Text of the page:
HarkenGate, the File

(updated 16th August 2002)



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1. W. possibly built oil company and interests through favoritism or trading off his father's name (esp. Bahrain's naming of Harken as the oil company for the country's off-shore interests).


2. Harken's posted of phony financial statements, claiming incoming assets for a subsidiary it bought from itself. (A mere $8-12 million, a low-rent version of what Enron did a decade later.)


3. W.'s trading of stock based on possible knowledge of potential stock devaluation i.e., insider trading (2 possibilities):

–a. Knowledge of secret State Dept. memo claiming Hussain was ready to attack neighbors.

–b. Knowledge of Harken's dire straits as one member of a three-member "Fairness" (auditing) committee.


4. W's Harken stock mysterious buyer.


5. W.'s late filing of stock sales to SEC and variation in story as to reasons.


6. W's request for and acceptance of loans from Harken.


7. W's possible tax evasion when Harken forgave the loans.


8. Possible favoritism shown to Bush's business "indiscretions" by SEC through father's influence and/or

the possible reward to SEC investigator(s) by W. himself.





According, this first file breaks into these seven areas with hotlinks and clipping of the stories focusing on each issue. The second file provides the base of documents from which the first file was drawn in a manner that the reader might follow the progression of the story. Both files begin with BACKGROUND, citing Joe Conason's thorough and clear overview of the narrative of W.'s fortune. To Joe's credit, he brings up nearly all of the five issues (and sub-issues) listed above. Pizzo's article is also a good background piece.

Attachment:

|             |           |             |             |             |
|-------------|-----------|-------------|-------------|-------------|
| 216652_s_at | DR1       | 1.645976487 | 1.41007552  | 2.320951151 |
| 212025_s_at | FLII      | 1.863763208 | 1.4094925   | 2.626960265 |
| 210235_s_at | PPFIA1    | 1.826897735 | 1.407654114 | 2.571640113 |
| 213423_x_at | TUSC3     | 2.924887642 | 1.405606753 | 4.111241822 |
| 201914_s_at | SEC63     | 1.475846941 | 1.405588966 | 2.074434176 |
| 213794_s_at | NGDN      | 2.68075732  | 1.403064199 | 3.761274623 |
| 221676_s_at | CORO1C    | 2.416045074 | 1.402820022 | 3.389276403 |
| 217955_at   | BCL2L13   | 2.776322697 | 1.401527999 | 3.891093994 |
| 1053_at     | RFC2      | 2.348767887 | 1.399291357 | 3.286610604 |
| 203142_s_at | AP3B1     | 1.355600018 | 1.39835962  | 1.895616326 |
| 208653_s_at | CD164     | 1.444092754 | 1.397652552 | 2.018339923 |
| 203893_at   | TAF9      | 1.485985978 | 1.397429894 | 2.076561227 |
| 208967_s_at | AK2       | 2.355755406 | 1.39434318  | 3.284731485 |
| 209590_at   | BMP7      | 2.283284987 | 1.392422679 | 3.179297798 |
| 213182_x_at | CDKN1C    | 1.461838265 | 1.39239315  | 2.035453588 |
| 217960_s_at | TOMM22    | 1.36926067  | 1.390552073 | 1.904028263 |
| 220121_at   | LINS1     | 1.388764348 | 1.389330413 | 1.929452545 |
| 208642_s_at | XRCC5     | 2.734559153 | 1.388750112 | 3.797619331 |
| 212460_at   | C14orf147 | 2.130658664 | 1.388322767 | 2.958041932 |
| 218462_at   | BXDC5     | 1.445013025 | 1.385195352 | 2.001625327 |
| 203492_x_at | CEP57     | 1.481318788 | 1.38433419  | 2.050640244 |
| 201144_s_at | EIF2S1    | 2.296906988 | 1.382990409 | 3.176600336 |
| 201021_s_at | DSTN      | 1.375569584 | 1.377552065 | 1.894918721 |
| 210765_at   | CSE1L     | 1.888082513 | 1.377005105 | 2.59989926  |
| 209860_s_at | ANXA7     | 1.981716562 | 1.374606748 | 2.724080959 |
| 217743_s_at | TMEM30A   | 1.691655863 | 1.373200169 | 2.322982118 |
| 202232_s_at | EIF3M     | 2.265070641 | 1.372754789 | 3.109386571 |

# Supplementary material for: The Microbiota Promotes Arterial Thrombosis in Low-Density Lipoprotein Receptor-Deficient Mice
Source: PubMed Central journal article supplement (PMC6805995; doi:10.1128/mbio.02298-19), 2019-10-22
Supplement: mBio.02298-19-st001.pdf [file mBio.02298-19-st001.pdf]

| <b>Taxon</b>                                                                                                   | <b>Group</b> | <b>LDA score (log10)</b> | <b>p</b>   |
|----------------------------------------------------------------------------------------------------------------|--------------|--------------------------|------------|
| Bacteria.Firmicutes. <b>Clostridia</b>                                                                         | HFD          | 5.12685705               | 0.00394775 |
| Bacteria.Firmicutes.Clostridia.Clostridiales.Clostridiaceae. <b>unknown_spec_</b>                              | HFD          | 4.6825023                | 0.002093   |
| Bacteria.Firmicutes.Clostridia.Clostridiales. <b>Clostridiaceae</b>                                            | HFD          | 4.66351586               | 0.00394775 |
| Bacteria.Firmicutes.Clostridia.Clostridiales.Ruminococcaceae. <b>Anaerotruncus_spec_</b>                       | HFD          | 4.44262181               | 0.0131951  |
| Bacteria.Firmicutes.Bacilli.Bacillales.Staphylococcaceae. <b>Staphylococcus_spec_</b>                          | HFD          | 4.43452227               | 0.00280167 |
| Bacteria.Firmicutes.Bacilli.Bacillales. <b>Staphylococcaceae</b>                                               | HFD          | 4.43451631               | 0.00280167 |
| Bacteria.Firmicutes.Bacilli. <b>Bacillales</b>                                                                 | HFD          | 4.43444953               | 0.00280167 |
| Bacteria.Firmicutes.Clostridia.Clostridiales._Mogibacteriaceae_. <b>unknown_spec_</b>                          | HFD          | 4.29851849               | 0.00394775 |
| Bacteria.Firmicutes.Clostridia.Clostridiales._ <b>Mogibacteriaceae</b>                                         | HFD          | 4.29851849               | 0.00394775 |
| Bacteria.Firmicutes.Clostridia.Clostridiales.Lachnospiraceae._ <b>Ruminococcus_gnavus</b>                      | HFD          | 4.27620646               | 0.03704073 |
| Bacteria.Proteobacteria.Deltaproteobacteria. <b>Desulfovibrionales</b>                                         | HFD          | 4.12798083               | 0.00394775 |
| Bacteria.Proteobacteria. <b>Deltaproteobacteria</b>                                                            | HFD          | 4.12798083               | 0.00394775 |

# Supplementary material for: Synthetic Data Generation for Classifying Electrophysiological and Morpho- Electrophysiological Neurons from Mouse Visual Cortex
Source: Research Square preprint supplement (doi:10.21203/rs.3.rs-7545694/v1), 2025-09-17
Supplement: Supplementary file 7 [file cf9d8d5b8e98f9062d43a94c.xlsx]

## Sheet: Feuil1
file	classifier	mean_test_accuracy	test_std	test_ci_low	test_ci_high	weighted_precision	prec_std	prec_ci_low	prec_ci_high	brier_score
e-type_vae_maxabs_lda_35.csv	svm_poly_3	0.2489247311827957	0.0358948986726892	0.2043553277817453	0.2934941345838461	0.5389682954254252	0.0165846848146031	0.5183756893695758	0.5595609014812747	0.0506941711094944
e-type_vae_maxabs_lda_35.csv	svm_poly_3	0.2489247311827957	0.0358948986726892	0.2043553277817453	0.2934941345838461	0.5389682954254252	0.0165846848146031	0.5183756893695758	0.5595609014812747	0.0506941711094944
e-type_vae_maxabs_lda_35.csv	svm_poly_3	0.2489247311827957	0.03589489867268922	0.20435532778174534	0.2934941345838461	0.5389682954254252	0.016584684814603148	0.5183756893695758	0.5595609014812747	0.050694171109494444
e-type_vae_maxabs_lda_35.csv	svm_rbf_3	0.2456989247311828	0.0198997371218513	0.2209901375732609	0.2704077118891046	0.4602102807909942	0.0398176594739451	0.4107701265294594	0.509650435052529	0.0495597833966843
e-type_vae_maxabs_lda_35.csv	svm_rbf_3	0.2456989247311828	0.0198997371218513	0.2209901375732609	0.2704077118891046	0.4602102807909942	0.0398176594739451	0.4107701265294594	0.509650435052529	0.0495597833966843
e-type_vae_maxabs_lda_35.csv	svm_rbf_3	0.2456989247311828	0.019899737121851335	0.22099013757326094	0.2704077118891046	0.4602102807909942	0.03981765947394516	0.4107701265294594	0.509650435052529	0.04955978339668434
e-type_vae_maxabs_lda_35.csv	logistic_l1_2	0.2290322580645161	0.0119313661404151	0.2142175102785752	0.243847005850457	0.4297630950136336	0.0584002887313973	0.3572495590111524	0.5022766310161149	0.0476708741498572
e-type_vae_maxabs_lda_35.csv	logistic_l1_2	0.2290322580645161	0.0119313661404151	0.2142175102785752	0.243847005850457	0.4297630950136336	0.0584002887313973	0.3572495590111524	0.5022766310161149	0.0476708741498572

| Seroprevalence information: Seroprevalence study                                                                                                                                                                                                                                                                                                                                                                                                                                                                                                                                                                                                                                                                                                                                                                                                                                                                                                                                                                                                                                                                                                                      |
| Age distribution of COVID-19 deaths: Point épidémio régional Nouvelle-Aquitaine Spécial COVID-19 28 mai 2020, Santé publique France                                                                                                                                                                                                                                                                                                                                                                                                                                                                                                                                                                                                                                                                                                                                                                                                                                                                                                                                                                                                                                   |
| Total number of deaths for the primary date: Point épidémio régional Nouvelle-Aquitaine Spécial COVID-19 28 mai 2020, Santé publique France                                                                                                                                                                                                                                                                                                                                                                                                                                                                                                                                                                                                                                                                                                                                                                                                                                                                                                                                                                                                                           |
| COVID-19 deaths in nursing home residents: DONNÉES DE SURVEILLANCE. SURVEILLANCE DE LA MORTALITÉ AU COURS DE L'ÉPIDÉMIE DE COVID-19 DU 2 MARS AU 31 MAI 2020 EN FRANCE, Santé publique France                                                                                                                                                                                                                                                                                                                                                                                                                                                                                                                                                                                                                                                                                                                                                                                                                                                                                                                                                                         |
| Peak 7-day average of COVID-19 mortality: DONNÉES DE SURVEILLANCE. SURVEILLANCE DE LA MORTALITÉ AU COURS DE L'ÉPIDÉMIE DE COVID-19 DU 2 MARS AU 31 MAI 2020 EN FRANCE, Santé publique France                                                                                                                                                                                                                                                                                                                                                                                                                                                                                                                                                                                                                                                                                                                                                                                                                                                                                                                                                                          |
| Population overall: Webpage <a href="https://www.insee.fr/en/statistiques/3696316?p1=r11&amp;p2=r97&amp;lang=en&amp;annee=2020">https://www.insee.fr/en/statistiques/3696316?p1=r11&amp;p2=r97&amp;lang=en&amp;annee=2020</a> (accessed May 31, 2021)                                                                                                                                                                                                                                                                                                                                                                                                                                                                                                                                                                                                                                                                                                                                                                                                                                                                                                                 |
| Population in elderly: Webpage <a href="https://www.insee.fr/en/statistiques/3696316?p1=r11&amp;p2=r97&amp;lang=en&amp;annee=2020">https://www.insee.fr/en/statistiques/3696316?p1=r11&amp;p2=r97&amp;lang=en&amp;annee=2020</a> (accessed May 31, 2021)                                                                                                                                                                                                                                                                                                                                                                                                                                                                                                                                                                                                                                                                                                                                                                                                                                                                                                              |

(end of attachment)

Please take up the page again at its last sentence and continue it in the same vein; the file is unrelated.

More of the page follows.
–Charges/Questions by House Judiciary Democrats (a remarkably thorough pdf file):





--Joe Conason's "Notes on a Native Son," Harper's Magazine, Feb. 2000. (A thorough, given article parameters, overview of George W. Bush's fortune. Harken is covered primarily on pp. 4-6 of item. Due to this article, Conason has been frequently quoted on Bush's corporate dealings):




–An extraordinarily useable summary by the Center for Cooperative Research:




(Click on "George Bush and Harken Energy" in right frame.)



–Stephen Pizzo, "Bush Family Values," Mother Jones, Sept.-Oct. 1992 (another good example of early reporting on Bush's fortunes):